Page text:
As you write your story, you will experience many emotions, especially during the first draft. But the more you write, the more you must be willing to be both writer and observer. Staying too close emotionally will affect your judgment and ability to write a great story.
2. Consider your Stepping Stone moments
There are only a few events that have shaped your life and made you who you are today; in fact you would be surprised at how few. I call these Stepping Stone moments.
These are the events or conversations that change something inside you and set you on a different path in life. It could be the death of a loved one, a relationship break-up, a travel experience or even a childhood conversation with a teacher who told you weren’t worth much.
All of the things we experience in life create who we are, but only a few things profoundly change us from the inside out. Your job is to decide which core events set you on a different trajectory.
3. Ask a question
No matter what your journey through life has been until this point, there are only a few variations on the human experience. We may go through different events, but we all wrestle with the same questions, and this is where we find common ground. What is the question your story seeks to ask?
4. Create a narrative arc
“Narrative arc” is such a fancy term, but the arc is a really helpful way to think about your story. When you’ve compiled your list of stepping stone moments, try to group them into a beginning, middle and end.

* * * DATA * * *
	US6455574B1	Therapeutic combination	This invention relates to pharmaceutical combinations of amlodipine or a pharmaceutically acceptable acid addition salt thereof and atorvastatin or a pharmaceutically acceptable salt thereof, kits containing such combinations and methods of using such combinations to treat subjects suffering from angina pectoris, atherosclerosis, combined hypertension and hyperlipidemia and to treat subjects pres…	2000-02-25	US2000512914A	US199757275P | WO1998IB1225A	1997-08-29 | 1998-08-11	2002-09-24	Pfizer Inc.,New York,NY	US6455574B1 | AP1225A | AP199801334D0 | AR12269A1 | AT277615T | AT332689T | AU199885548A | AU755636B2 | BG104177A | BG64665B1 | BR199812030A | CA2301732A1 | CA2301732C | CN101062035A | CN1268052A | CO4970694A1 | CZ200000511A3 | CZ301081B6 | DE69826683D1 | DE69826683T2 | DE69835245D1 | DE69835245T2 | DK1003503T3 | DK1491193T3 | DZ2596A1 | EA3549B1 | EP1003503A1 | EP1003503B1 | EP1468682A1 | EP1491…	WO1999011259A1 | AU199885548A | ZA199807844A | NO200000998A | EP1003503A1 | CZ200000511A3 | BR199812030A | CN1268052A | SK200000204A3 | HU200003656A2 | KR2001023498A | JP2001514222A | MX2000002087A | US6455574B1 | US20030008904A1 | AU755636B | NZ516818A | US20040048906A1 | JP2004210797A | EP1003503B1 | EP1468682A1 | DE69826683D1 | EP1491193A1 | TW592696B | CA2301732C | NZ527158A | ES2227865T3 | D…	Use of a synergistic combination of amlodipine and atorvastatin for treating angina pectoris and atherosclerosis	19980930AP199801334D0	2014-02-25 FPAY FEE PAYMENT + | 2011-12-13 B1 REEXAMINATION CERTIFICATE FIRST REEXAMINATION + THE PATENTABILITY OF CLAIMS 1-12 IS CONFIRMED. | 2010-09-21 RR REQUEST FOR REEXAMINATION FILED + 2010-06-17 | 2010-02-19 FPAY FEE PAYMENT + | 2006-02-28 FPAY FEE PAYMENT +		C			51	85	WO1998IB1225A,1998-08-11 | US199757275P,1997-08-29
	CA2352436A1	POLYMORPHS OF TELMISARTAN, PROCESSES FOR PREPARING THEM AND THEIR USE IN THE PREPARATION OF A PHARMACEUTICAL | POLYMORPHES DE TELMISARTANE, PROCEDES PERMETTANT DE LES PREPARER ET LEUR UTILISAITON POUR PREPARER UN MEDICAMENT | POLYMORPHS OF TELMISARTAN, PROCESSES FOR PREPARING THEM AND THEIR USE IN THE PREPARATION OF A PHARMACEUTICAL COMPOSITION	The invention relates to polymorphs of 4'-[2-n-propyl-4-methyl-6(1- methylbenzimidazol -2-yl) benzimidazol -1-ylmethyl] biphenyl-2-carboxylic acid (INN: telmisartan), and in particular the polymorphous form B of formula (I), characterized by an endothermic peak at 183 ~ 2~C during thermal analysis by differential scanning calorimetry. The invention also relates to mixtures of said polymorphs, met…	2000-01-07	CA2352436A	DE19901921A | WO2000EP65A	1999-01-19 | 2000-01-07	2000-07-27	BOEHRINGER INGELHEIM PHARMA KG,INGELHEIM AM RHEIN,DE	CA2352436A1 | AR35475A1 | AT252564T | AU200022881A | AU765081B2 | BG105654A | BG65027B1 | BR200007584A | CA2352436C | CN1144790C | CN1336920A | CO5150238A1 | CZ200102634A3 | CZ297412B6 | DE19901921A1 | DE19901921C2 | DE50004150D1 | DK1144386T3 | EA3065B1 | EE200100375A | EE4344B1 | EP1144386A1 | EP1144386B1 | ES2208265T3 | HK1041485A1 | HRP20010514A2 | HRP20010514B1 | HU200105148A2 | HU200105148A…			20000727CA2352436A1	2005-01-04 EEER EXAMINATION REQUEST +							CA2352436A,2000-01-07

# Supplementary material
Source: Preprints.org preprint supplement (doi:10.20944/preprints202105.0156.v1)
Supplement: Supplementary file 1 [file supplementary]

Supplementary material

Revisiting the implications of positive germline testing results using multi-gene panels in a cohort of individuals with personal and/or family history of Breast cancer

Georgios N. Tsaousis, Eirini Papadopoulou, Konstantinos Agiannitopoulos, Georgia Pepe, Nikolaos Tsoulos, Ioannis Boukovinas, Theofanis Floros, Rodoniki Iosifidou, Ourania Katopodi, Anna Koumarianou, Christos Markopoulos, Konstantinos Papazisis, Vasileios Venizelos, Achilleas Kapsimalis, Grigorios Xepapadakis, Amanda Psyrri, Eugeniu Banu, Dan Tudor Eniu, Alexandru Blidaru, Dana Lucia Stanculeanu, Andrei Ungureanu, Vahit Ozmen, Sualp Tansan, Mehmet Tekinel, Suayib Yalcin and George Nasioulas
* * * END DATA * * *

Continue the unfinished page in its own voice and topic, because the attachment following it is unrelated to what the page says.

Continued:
Visualize the start of the arc as your beginning, the highest point of your arc as your rising action in the middle, and as the arc curves back down that’s your redemptive ending.
The beginning of your story is when all was well. It’s often referred to as “the ordinary world,” and it’s what your life looked like before the first event that changed you.
The middle is where all the action happens in a series of “crises” that change you considerably, ending with one final “this changes everything” moment, before you embark on your ending.
The ending is where we really see how you, as the main character of your story, have changed between the beginning and end points of your arc.
5. Know thyself
This, Ladies and Gents, is the most important rule of all: you must be self-aware and know how your story has shaped you over time. Ask yourself this question: in what ways have I changed over the course of my story?
A memoir is character driven, which means the most crucial element of your book is the way in which you have psychologically changed from beginning to end. This is how the reader will connect with you. Miss this part and your story will lack meaning and depth.
Now that you’ve figured out your “why’s” for writing your story and have some direction in the “how,” you can begin to write. Start by thinking of just 5 or 6 stepping stone moments that have shaped who you are today. Then share in the comments whether you found it easy or challenging to do!
If you are interested in writing your story, visit Claire’s website, where you can receive a 33% discount on her new course, Write Your Story.